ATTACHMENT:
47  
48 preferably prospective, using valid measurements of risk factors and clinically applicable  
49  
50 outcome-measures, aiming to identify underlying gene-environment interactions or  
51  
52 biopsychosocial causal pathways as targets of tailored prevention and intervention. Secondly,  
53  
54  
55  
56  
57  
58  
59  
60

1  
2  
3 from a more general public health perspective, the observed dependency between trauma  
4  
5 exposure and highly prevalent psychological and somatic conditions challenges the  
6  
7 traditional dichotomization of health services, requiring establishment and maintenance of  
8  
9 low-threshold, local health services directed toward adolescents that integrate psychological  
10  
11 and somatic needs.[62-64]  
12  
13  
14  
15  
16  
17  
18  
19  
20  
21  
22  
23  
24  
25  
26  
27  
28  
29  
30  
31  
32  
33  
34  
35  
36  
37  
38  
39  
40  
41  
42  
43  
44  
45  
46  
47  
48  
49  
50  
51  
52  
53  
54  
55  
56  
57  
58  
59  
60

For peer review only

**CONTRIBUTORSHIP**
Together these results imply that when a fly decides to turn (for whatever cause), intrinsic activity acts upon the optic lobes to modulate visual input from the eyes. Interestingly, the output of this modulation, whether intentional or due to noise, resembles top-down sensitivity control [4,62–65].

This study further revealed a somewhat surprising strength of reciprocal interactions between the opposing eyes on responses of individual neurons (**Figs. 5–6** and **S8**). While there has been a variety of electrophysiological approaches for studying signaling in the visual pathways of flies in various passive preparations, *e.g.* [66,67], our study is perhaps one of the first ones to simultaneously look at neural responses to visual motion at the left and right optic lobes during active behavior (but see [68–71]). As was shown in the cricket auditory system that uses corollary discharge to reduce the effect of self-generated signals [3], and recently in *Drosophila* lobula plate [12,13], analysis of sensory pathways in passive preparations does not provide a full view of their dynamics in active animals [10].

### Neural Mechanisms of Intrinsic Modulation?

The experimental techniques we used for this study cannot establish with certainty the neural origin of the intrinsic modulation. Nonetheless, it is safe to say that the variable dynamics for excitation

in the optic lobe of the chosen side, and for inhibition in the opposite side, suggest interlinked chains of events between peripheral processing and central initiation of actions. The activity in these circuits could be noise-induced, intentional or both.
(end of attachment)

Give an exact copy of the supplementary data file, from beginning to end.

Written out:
47  
48 preferably prospective, using valid measurements of risk factors and clinically applicable  
49  
50 outcome-measures, aiming to identify underlying gene-environment interactions or  
51  
52 biopsychosocial causal pathways as targets of tailored prevention and intervention. Secondly,  
53  
54  
55  
56  
57  
58  
59  
60

1  
2  
3 from a more general public health perspective, the observed dependency between trauma  
4  
5 exposure and highly prevalent psychological and somatic conditions challenges the  
6  
7 traditional dichotomization of health services, requiring establishment and maintenance of  
8  
9 low-threshold, local health services directed toward adolescents that integrate psychological  
10  
11 and somatic needs.[62-64]  
12  
13  
14  
15  
16  
17  
18  
19  
20  
21  
22  
23  
24  
25  
26  
27  
28  
29  
30  
31  
32  
33  
34  
35  
36  
37  
38  
39  
40  
41  
42  
43  
44  
45  
46  
47  
48  
49  
50  
51  
52  
53  
54  
55  
56  
57  
58  
59  
60

For peer review only

**CONTRIBUTORSHIP**
Together these results imply that when a fly decides to turn (for whatever cause), intrinsic activity acts upon the optic lobes to modulate visual input from the eyes. Interestingly, the output of this modulation, whether intentional or due to noise, resembles top-down sensitivity control [4,62–65].

This study further revealed a somewhat surprising strength of reciprocal interactions between the opposing eyes on responses of individual neurons (**Figs. 5–6** and **S8**). While there has been a variety of electrophysiological approaches for studying signaling in the visual pathways of flies in various passive preparations, *e.g.* [66,67], our study is perhaps one of the first ones to simultaneously look at neural responses to visual motion at the left and right optic lobes during active behavior (but see [68–71]). As was shown in the cricket auditory system that uses corollary discharge to reduce the effect of self-generated signals [3], and recently in *Drosophila* lobula plate [12,13], analysis of sensory pathways in passive preparations does not provide a full view of their dynamics in active animals [10].

### Neural Mechanisms of Intrinsic Modulation?

The experimental techniques we used for this study cannot establish with certainty the neural origin of the intrinsic modulation. Nonetheless, it is safe to say that the variable dynamics for excitation

in the optic lobe of the chosen side, and for inhibition in the opposite side, suggest interlinked chains of events between peripheral processing and central initiation of actions. The activity in these circuits could be noise-induced, intentional or both.